20 Years Since Chernobyl

It was 20 years ago today (1:26 am local time in Ukraine on the 26th) that the Chernobyl disaster happened. Chernobyl was not a nuclear explosion. It was an explosion due to a high pressure buildup, like a pressure cooker whose safety valve had stuck. The result was that radioactive dust was released.

Despite the hype which claims it was the Greatest Manmade Disaster in history, this simply isn't supported by facts. It may be the disaster with the longest after effects. It was certainly devastating for the people involved in the immediate aftermath. However, the number of fatalities is surprisingly low. (Though Greenpeace have recently said that estimates are too low)

The article itself says that 'Last year, a WHO and International Atomic Energy Authority-backed report estimated that of the 600,000 people across the Soviet Union exposed to high levels of radiation by the accident, 4,000 would eventually die.' - this undercuts it's leading paragraph of 'Two decades after the world's worst man-made disaster'

According to the World Health Organisation:

A total of up to 4000 people could eventually die of radiation exposure from the Chernobyl nuclear power plant (NPP) accident nearly 20 years ago, an international team of more than 100 scientists has concluded.

As of mid-2005, however, fewer than 50 deaths had been directly attributed to radiation from the disaster, almost all being highly exposed rescue workers, many who died within months of the accident but others who died as late as 2004.

Compare this with the number of deaths in World War 2, or in the attack on the World Trade Centres - and whilst it's bad, it's not objectively as bad as people first think.

The trouble with the human assessment of risk is that we notice tragic, but rare, events much more than the continuous background risk in our lives.

For example, there was a spate of train crashes in the UK a few years ago, and lots of people avoided the railways, preferring to use the roads. This is in spite of the fact that day in, day out, more people die on the roads per mile travelled than on the railways. The difference was that as railway crashes are rare, and bad when they happen, we notice them more than the constant rate of car crashes which only affect a few individuals at a time.

It's true that a lot of people were displaced - but this is also the case with other disasters in the world - wars, famines and so forth. The WHO report states that:

Persistent myths and misperceptions about the threat of radiation have resulted in "paralyzing fatalism" among residents of affected areas.

In other words, the psychological issues, which are completely understandable, can be more of a problem for the population as a whole than the radiological issues.

Whilst tragic for individuals, when deciding energy policy we must look at the overall risks in an objective fashion, from my degree course, I have a book entitled 'The Elements of Nuclear Power' by D. J. Bennet and J. R. Thompson. It's the third edition. On page 257 there is a table entitled 'Relative Risks and Costs of powe generation'. My print is from 1991. (sources cited: the CEGB. ETSU-R30 (1985). JH Fremlin, 'Power Production - What are the Risks?' by Adam Hilger, 1985)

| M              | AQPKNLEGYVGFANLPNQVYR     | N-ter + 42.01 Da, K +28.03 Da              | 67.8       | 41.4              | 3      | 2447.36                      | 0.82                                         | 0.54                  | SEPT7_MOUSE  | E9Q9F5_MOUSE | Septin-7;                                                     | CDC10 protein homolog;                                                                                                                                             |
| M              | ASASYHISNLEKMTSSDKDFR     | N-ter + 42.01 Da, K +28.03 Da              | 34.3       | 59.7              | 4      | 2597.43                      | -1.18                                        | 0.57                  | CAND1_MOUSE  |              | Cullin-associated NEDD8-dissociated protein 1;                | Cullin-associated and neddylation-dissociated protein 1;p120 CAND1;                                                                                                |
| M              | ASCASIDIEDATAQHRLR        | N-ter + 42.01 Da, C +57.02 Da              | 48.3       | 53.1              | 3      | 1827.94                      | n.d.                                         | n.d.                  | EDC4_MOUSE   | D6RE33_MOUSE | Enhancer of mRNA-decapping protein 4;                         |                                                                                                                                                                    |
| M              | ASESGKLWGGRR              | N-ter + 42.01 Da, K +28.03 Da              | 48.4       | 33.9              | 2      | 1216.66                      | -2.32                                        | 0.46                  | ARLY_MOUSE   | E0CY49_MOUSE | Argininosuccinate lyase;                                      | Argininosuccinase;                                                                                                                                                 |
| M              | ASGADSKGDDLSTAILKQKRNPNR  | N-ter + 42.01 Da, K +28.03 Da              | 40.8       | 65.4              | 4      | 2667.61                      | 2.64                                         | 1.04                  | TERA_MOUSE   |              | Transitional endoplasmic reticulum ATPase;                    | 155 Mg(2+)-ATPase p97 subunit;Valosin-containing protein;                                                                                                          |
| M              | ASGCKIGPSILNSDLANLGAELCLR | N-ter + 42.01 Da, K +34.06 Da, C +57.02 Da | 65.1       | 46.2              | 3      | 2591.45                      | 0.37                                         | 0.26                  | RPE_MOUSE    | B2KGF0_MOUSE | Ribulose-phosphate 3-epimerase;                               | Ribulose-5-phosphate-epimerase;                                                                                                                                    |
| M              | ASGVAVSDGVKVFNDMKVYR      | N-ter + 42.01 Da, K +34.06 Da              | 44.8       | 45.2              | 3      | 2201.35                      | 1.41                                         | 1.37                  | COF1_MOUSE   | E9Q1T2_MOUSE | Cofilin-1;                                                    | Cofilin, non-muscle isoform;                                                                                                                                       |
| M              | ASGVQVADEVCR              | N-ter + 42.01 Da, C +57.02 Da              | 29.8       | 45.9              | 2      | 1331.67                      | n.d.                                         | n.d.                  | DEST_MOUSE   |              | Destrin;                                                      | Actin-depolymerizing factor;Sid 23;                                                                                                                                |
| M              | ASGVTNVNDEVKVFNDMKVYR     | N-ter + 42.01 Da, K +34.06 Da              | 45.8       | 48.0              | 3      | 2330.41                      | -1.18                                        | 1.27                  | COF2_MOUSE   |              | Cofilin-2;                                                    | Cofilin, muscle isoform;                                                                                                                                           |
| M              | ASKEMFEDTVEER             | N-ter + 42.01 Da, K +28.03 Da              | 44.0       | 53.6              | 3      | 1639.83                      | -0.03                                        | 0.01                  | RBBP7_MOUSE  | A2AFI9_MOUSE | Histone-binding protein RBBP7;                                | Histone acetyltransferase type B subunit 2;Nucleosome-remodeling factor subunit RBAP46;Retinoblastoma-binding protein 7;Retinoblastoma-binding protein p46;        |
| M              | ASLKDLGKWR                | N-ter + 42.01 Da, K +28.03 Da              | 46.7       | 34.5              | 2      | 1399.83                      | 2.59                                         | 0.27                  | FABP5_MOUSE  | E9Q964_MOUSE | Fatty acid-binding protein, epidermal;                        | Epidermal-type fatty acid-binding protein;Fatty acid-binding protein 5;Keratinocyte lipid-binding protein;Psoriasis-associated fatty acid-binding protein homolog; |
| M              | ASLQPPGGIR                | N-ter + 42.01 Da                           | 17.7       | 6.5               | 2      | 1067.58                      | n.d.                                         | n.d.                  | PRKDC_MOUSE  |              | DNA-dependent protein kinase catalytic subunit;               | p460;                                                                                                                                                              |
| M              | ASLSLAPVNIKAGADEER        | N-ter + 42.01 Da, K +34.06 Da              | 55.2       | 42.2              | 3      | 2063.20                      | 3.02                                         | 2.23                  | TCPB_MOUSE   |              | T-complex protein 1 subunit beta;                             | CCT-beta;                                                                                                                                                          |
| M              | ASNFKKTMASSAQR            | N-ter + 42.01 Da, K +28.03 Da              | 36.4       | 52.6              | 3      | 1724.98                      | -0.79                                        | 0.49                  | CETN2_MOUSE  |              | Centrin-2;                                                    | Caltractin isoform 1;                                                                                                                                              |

The risks are in Deaths/GW-year, so the fact that different amounts of power are generated is accounted for.

Method of Generation Hazard or other problem Deaths/GW-year
Nuclear Routine Discharges c. 0.05
Reactor Accidents (Chernobyl) c. 1.0
Uranium Miners c. 0.1
Coal Cancers - general public c. 10
Miners - accidents c. 2
Miners - pneumoconiosis c. 8
Acid Rain ?
Global Warming ?
Draught Proofing Natural Radon from building fabric c. 100 Deaths/GW-year saved
Wind Unreliable -
Geothermal Limited Potential -
Hydro Dam Failure c. 10
Tidal Limited Potential -
Photovoltaic Inherently unreliable -
Wave Hazard to Shipping ?
Maintenance Accidents ?

Some items here bear explanation. Firstly the nuclear risks. Yes, a nuclear accident is bad when it happens, but this data averages over all the times when accidents do no happen. The data for coal reminds us that not only radiation can give rise to cancers, chemical pollutants can also be carcinogens. It's just that this 'constant background' is not noticeable in the way that a rare nuclear accident is. Think train crashes versus car crashes. Draught exclusion is one that surprises many people, it surprised me. Essentially it's due to using rocks which contain (naturally occuring) unstable isoptopes. These can decay into Radon, which leeches into the building. With better draught exclusion, Radon can build up. This is a problem in areas such as Cornwall, especially in buildings with cellers as the Granite produces Radon, and as Radon is heavier than air it collects in the cellers.

Note, the reason I put in 'natually occuring' isn't through any delusion that 'natural' is better than 'artificial' - but rather through the exact opposite point of view, not everything 'natural' is good for you!

To see what Chernobyl is like today, the Kid of Speed website gives a unique perspective.